Related support groups: HIV Infection, Hearing Loss

Is HIV Becoming Less Contagious?

Posted 3 Dec 2014 by Drugs.com

MONDAY, Dec. 1, 2014 – New research in Africa suggests that the AIDS virus is getting smarter about evading the immune system while evolving into a less contagious and less lethal infection overall. In the country of Botswana, at least, "anyone who is newly infected now with HIV is less likely to suffer disease than if they had been infected 20 or 30 years ago," said study co-author Philip Goulder, a research immunologist with the University of Oxford in England. "If this process continues, HIV will cause less and less disease." The research has caveats. It relies on research from just two countries, both in Africa, and might not apply to the rest of the world. And some of its findings are based on mathematical models of how HIV, the virus that causes AIDS, is evolving. Still, the study is "good news," Goulder contended. Thanks to natural selection, some viruses actually evolve to make ... Read more

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Most Americans With HIV Don't Have Virus Under Control, CDC Says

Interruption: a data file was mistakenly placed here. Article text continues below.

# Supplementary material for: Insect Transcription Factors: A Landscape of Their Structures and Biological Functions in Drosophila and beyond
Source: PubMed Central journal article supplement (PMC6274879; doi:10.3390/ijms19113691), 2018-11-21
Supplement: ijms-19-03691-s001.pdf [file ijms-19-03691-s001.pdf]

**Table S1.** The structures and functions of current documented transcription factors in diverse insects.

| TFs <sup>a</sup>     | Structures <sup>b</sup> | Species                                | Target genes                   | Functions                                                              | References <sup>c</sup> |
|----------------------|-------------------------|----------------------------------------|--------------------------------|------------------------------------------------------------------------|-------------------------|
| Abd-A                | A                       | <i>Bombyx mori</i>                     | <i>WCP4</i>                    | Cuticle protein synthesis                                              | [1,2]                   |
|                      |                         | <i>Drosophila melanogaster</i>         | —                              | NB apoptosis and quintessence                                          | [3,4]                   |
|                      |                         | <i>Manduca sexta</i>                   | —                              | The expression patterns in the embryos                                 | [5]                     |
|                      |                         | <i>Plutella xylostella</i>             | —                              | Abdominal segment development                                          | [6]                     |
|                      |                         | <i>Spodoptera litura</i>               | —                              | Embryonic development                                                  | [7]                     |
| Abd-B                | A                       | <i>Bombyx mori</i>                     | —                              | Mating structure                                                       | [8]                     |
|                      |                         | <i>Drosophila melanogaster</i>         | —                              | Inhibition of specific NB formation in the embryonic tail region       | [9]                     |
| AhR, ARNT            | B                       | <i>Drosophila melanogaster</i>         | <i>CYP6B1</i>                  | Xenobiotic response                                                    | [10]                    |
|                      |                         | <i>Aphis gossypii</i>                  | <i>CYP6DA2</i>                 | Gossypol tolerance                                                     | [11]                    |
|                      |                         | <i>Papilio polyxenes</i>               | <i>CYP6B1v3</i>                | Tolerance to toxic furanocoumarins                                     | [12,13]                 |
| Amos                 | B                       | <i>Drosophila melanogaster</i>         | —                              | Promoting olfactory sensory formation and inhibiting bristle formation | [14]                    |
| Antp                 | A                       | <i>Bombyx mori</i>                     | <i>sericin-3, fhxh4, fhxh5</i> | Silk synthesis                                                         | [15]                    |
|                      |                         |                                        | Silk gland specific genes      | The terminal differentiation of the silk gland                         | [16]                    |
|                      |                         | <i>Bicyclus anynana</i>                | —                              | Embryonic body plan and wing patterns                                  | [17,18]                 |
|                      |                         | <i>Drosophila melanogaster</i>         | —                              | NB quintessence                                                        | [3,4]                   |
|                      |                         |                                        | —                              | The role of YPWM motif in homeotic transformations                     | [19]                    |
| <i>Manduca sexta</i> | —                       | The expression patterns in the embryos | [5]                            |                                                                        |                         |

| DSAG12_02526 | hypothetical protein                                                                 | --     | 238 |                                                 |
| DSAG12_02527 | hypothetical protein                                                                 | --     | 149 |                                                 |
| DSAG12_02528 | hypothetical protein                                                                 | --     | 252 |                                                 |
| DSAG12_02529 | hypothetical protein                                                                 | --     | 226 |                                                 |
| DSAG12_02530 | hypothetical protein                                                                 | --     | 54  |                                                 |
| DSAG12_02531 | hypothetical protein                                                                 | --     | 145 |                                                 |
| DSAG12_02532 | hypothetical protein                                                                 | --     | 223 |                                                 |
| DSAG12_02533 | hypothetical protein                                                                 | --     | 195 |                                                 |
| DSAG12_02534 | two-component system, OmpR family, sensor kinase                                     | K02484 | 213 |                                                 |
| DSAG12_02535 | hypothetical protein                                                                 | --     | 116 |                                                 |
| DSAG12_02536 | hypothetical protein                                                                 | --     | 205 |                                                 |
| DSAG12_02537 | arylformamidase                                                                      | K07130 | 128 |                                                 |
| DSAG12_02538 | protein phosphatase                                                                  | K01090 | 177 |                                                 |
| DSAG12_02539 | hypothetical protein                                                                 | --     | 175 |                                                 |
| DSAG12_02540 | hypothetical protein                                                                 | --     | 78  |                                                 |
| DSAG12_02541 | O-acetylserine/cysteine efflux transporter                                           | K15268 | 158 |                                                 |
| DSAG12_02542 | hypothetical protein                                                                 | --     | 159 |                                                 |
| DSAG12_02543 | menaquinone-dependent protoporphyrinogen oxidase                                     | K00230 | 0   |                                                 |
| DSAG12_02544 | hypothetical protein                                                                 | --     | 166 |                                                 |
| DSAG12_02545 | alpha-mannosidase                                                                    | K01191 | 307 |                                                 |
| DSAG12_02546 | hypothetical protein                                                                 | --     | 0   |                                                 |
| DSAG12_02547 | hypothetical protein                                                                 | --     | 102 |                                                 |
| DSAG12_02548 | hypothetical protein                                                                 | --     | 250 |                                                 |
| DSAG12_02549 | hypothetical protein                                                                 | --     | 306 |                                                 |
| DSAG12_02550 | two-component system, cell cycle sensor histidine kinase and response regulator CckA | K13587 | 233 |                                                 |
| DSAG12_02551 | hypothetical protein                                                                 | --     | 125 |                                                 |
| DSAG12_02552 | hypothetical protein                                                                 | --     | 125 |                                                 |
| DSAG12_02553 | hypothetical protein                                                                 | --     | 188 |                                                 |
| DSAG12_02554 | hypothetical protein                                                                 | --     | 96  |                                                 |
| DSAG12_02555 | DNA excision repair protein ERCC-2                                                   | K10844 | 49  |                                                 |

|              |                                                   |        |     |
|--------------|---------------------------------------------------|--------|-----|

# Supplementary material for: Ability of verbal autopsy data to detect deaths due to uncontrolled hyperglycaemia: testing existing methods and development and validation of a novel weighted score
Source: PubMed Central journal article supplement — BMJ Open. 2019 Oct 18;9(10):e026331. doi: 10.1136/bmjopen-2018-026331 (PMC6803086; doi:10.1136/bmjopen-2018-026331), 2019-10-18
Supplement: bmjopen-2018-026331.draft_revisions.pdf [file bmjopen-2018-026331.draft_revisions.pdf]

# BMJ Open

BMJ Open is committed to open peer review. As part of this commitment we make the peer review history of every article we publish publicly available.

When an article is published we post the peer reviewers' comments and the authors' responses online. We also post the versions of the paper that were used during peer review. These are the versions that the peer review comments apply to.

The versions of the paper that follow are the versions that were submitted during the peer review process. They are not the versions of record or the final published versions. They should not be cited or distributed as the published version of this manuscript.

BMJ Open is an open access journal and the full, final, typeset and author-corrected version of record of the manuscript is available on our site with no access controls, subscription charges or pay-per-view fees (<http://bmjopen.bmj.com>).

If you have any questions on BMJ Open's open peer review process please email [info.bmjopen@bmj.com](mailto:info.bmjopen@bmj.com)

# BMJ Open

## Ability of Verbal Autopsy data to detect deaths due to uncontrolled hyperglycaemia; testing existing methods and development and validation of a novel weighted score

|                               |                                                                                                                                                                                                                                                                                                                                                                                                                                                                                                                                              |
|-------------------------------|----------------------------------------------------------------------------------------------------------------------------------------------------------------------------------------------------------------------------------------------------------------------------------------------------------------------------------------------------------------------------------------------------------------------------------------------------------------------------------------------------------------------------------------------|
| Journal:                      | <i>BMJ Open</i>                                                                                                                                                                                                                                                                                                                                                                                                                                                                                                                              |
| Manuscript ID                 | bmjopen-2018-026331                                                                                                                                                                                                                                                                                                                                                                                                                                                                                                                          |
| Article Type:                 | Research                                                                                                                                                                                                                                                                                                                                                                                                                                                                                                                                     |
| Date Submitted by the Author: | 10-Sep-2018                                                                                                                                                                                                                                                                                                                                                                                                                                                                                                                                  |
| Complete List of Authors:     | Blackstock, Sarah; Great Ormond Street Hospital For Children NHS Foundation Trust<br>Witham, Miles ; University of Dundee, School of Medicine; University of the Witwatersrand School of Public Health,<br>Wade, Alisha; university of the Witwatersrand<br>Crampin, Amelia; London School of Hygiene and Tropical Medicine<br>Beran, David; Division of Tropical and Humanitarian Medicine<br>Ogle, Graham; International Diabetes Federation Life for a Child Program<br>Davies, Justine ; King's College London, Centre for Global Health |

Posted 25 Nov 2014 by Drugs.com

TUESDAY, Nov. 25, 2014 – Fewer than one-third of Americans living with HIV had the virus under control in 2011, with many either not receiving regular medical care or unaware they carry the virus, a new U.S. study finds. The U.S. Centers for Disease Control and Prevention study estimates that 70 percent of the 1.2 million Americans living with HIV in 2011 did not have their virus under control, even though combination drug therapies can effectively suppress the virus before it can develop into full-blown AIDS. A combination of indifference and lack of access to medical care appeared to outweigh ignorance as a driving factor in cases of uncontrolled HIV, researchers from the CDC's National Center for HIV/AIDS reported Tuesday. "For people living with HIV and AIDS, it's not enough to know – you also have to go for health care," said CDC Director Dr. Tom Frieden at a Tuesday news ... Read more